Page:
New crime film points to trailblazing predecessor

“The Many Saints of Newark” was inspired by the groundbreaking success of “The Sopranos”


Conor Metzger, Staff Columnist

This week, the hotly anticipated new crime film, “The Many Saints of Newark”, hit theaters after having been delayed for over a year due to the COVID-19 pandemic. The movie is finally getting its chance to hit the silver screen, which means more than you may realize.

You see, “The Many Saints of Newark” is more than your standard crime drama. It is a prequel film to the critically acclaimed and incredibly impactful television series, “The Sopranos.”

Gracing the small screens in the early 2000s, “The Sopranos” told the story of New Jersey crime boss Tony Soprano, played by the late James Gandolfini. The show ended up radically changing television by expanding the medium to look more like what viewers saw in theaters, with better-developed cinematography, directing, writing and characters,  all of which revolutionized the programming view today.

TV up until “The Sopranos” was pretty one dimensional in how it approached many topics, as there was no guarantee an audience would tune in every week to watch a network’s one show. This left executives forced to cram their story into individual episodes, with only the occasional season-long narrative. This left no room for anything complex, so a casual viewer would become lost if they missed an episode.

“The Sopranos”, however, was not on regular cable. Instead, the show premiered on HBO, which realized that, due to its subscription-based service, audiences would be more inclined to watch every episode of a series, and even if they did miss one, they could easily go back and watch it. If this sounds familiar, this is exactly what inspired Netflix and the other streaming giants of today.

This change in medium allowed networks to spend more time developing storylines and characters. They could flesh them out more because they knew the audience would watch it all unfold. This is also how we came to get the character of Tony Soprano, who was a definite anti-hero. He was a father, a son, a crime boss, a murderer and a person who struggled with mental illness.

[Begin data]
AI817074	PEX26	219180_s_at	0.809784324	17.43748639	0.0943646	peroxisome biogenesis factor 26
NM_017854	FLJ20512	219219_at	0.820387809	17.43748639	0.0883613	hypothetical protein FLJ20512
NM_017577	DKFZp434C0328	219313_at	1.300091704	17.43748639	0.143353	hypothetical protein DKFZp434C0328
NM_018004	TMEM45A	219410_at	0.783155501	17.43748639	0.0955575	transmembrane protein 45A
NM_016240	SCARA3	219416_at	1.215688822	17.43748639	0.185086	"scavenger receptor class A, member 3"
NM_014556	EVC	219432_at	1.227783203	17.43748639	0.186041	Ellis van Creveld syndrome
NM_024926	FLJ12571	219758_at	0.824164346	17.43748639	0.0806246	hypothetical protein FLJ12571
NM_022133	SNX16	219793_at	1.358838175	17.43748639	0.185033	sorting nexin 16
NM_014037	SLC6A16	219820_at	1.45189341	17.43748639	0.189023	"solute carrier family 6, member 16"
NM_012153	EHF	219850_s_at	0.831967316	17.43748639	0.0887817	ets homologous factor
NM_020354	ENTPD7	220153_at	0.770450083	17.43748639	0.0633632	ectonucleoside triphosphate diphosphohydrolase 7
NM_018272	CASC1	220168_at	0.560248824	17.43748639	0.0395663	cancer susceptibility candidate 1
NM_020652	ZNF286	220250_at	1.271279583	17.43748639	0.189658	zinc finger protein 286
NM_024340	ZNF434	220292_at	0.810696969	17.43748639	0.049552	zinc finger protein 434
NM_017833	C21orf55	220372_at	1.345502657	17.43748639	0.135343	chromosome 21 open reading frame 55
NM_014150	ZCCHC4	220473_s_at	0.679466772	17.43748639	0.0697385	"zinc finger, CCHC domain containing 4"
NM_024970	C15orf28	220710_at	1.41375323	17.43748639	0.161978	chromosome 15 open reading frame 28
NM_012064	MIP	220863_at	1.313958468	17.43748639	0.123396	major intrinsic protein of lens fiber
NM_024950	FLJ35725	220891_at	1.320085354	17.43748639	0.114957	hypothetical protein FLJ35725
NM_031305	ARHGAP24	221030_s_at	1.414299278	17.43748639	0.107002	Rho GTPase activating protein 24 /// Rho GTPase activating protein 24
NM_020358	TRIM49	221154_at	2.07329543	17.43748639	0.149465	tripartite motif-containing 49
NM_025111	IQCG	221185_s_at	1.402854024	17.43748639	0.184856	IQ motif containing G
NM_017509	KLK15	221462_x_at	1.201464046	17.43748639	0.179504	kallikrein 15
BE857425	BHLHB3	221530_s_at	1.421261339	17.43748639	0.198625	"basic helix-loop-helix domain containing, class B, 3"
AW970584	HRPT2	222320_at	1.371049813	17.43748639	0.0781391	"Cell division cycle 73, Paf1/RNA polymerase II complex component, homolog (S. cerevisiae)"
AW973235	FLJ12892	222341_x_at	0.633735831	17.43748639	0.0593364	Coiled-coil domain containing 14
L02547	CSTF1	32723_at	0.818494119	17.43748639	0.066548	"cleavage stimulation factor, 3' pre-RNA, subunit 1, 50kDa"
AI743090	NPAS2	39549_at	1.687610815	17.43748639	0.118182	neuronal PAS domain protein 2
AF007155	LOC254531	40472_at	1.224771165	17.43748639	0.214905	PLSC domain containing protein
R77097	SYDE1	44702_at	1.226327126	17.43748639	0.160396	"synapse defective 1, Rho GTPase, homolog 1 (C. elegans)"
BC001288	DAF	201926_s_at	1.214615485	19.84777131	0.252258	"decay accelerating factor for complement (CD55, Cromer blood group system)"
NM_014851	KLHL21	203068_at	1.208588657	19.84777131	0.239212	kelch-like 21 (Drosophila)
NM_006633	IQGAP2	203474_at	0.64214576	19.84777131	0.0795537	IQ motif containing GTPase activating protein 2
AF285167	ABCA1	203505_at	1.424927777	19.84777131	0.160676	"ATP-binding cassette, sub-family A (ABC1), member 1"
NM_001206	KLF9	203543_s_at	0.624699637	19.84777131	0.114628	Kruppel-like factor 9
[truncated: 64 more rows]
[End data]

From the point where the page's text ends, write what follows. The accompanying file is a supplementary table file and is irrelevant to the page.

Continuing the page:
That networks will create such a complex character with such an intricate and internal issue without losing audience engagement was revolutionary. We were allowed to watch how a character like Tony Soprano approached the world and how he justified all his actions, whether he was ordering a hit on someone, cheating on his wife or stealing from a friend. A lot of the time, the audience was even treated to a nuanced therapy session or to a flashback from Tony’s past to show us how this figure came to be and how he rationalized his devious deeds.

This is what makes a compelling anti-hero who the audience finds themselves rooting for even when they have very few redeeming qualities. A striking example of this is in the series’ fifth episode, “College”, where we watch Tony Soprano murder an informant whom he happened to run into while visiting colleges with his daughter. This was a cold-blooded act and did not serve the crime organization in any way. Instead, it was a personal decision made while Tony was spending time with his daughter.

This episode, in fact, worried the HBO executives. They felt the audience would turn on Tony for doing such a thing. However, series creator and writer David Chase stood by his decision and was rewarded when the audiences and critics praised the episode, noting their expectations that Tony might do something like this and therefore, in watching the episode, their suspicions were indeed confirmed.

Rooting for a mob boss was not new, though, given the love and admiration for films such as “The Godfather” and “Casino”. Now, however, people were watching a powerful character act out in a truly human fashion in the comfort of their living room. It felt like they were watching a masterpiece of film on their TV every week. Therefore, I say that without “The Sopranos”, you don’t get Walter White or Dexter. You don’t get the shows audiences clamor for today like “The Crown” or “Stranger Things”, After all, these programs based their stories on the concept that an audience is invested in every episode.

I am excited to see how Chase takes this beloved material and transforms it into a movie, and I have no doubt that it will be just as compelling and amazing as the show.